What explanation did you give when your child watched TV and asked for the first

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  1. profile image0
    threekeysposted 2 years ago

    What explanation did you give when your child watched TV and asked for the first time "how did

    all those people get into the television?"


  2. profile image55
    Setank Setunkposted 2 years ago

    I would be concerned about a child old enough to communicate this thought who had not determined long ago that these were just images of people.

  3. profile image0
    threekeysposted 2 years ago

    To me "Concerned" is a odd thing to say. Children are introduced into our world. They learn the meaning of items and people from others. Depends at what age you are thinking of and what age am I thinking . Don't you think that would have relevance? Curiousity can stay silent within or said aloud and shared with others.

    1. profile image55
      Setank Setunkposted 2 years agoin reply to this

      I clearly stated the relevance of age when I spoke of a child old enough to communicate this thought. Most children solve this mystery before they can talk; even before they can walk.

  4. WordCrafter09 profile image73
    WordCrafter09posted 2 years ago

    None of my children asked me that.  That's not saying that none of them had the opportunity to ask their father or their grandmother.  The reply here about kids figuring out that the images are just that (long before they're in the "mode of asking") seemed right to me.   Then again, I do know kids wonder things without asking.  Really young children have different times for things like language and any number of other things (needless to say), so who reaches what stage at the same time he reaches some other stage is factor in the mix.  So might be how young someone is when exposed to "x amount" of television.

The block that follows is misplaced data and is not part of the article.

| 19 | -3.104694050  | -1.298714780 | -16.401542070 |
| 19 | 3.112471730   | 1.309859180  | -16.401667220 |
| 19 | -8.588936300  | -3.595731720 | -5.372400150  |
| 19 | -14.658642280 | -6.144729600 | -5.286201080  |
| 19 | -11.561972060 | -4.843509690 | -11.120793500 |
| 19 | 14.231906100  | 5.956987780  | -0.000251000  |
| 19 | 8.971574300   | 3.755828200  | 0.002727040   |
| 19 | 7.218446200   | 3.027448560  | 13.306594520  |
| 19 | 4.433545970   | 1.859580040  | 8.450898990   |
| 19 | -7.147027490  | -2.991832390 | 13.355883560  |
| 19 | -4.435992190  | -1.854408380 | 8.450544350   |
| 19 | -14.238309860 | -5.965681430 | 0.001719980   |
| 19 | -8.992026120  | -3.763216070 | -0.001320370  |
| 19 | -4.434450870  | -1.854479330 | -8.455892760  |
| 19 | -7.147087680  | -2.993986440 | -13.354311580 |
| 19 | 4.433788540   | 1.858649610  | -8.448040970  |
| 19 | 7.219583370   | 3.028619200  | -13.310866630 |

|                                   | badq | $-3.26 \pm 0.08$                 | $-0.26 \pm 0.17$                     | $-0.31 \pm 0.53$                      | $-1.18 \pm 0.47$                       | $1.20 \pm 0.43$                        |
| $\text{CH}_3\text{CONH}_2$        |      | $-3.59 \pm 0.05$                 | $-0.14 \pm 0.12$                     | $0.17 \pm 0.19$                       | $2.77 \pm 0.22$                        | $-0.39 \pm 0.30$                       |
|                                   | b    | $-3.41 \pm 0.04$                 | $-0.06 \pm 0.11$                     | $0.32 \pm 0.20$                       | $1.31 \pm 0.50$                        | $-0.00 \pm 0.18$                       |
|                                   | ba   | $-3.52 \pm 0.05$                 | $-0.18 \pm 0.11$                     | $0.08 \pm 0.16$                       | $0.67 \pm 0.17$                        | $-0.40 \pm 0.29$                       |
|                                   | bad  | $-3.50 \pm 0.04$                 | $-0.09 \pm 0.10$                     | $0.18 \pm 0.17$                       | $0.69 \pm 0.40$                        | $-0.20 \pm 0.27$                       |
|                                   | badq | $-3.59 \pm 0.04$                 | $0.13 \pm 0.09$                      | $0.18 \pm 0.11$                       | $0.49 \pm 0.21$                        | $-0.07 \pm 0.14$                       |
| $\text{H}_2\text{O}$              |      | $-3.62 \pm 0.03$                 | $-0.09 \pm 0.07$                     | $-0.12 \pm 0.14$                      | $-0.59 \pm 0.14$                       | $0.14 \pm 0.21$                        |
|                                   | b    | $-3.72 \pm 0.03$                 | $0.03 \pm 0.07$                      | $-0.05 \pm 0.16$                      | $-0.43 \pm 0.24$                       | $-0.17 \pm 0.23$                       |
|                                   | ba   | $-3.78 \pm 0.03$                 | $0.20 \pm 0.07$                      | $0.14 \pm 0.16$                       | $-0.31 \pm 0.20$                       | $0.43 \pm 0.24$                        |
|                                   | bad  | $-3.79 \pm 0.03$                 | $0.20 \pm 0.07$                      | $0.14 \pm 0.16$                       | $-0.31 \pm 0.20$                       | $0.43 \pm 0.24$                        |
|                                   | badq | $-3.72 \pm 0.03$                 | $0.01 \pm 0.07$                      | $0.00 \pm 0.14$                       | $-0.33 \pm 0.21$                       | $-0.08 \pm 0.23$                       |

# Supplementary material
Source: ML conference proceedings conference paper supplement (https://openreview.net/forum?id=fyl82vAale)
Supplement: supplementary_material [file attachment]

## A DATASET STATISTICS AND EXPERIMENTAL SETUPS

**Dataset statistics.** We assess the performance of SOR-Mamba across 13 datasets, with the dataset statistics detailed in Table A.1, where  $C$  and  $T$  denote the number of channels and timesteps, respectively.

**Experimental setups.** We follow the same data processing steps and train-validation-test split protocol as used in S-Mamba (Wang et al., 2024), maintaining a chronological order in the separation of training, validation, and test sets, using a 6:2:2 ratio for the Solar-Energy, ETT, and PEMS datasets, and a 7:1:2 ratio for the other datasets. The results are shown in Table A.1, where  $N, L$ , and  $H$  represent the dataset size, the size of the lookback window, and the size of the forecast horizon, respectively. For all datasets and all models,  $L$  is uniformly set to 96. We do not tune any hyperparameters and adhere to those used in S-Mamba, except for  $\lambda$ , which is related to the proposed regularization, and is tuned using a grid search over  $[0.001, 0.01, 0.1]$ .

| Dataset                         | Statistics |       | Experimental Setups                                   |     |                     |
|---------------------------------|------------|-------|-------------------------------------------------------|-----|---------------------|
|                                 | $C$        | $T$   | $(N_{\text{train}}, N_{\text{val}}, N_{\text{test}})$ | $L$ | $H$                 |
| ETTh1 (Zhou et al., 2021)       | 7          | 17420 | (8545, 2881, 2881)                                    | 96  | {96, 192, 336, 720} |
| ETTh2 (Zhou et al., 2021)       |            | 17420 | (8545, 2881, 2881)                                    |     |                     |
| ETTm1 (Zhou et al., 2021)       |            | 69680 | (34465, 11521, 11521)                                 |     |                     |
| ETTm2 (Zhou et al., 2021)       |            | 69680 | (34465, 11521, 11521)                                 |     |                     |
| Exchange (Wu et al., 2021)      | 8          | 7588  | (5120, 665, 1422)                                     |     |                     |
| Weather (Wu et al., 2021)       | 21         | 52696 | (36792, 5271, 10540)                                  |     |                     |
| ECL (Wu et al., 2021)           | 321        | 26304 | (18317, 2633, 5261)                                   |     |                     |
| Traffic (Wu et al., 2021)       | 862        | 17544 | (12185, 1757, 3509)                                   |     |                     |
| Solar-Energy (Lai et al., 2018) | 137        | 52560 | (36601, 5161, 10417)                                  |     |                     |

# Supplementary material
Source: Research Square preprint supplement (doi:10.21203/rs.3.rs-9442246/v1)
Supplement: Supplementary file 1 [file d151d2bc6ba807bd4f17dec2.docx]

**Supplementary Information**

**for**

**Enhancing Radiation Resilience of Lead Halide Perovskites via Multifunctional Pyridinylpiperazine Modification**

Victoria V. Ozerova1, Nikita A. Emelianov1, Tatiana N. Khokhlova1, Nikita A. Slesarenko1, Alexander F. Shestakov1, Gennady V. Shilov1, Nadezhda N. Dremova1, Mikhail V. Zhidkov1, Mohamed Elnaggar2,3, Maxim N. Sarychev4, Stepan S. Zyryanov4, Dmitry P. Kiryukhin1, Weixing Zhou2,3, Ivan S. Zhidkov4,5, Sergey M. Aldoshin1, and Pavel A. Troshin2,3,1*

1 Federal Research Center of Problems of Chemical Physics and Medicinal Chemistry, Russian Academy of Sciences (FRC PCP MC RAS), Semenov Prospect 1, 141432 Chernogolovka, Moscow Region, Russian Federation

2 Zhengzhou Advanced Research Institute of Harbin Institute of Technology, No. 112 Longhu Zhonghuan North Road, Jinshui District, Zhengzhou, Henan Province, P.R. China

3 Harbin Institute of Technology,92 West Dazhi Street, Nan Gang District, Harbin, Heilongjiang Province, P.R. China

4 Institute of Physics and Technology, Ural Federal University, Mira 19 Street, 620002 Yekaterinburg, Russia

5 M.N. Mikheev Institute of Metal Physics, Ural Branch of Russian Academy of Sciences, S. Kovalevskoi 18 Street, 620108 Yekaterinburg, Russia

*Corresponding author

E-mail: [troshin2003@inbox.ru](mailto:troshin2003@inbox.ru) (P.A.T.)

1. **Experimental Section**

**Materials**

I have some memory of being two years old and quite a bit about being three.  I vaguely recall thinking the people on the set were in it, but I don't recall asking anyone.  What I recall more is being very young and asking about where the images came from and how they got onto the screen.  That was something I asked about from time to time, and I recall my father's answer being way too much for me to be able to understand.  (This was in the days of picture tubes, and black-and-white television only.  Maybe that made a difference because there was little chance, especially if a picture tube was in the starting-to-get-iffy stage, that I'd mistake anything on television for real.  By the time color television showed up (and it wasn't all that great for its own reasons) I was old enough to be way past the stage-in-question.

    So maybe I didn't ask because of that.  It feels to me like I didn't ask when I was "vaguely thinking that" because, maybe, by the time I was in that "asking mode" my curiosity was more about how the images were sent to screens.  Another possibility is that I asked before I was old enough to recall asking.  So my own experience isn't all that useful here.

    I think at least one or two (maybe all three in shared conversation) have said they recall thinking "that" about "people in the television". I just always kind of assumed their experience was similar to mine.  I'm fairly certain that if they'd asked me I would recall telling at least answering one of them (and if more than one had asked I'd certainly recall saying some version of the same thing two or three times).  I tend to assume very young children take it at face value for while, "think that", and fairly soon after reach the stage when they know better.

    I'd think how much, who, how often, and when (age, stage, era) they first see television makes a difference.

  5. tsmog profile image80
    tsmogposted 2 years ago

    They knew it the first time they touched the TV screen during the Sensorimotor Stage I would guess. It might have something to do with object permanence.

  6. tamarawilhite profile image92
    tamarawilhiteposted 2 years ago

    It was explained via wires and pictures transmitted via those wires, per the pieces of the TV my son showed me trying to get the answer to that question.


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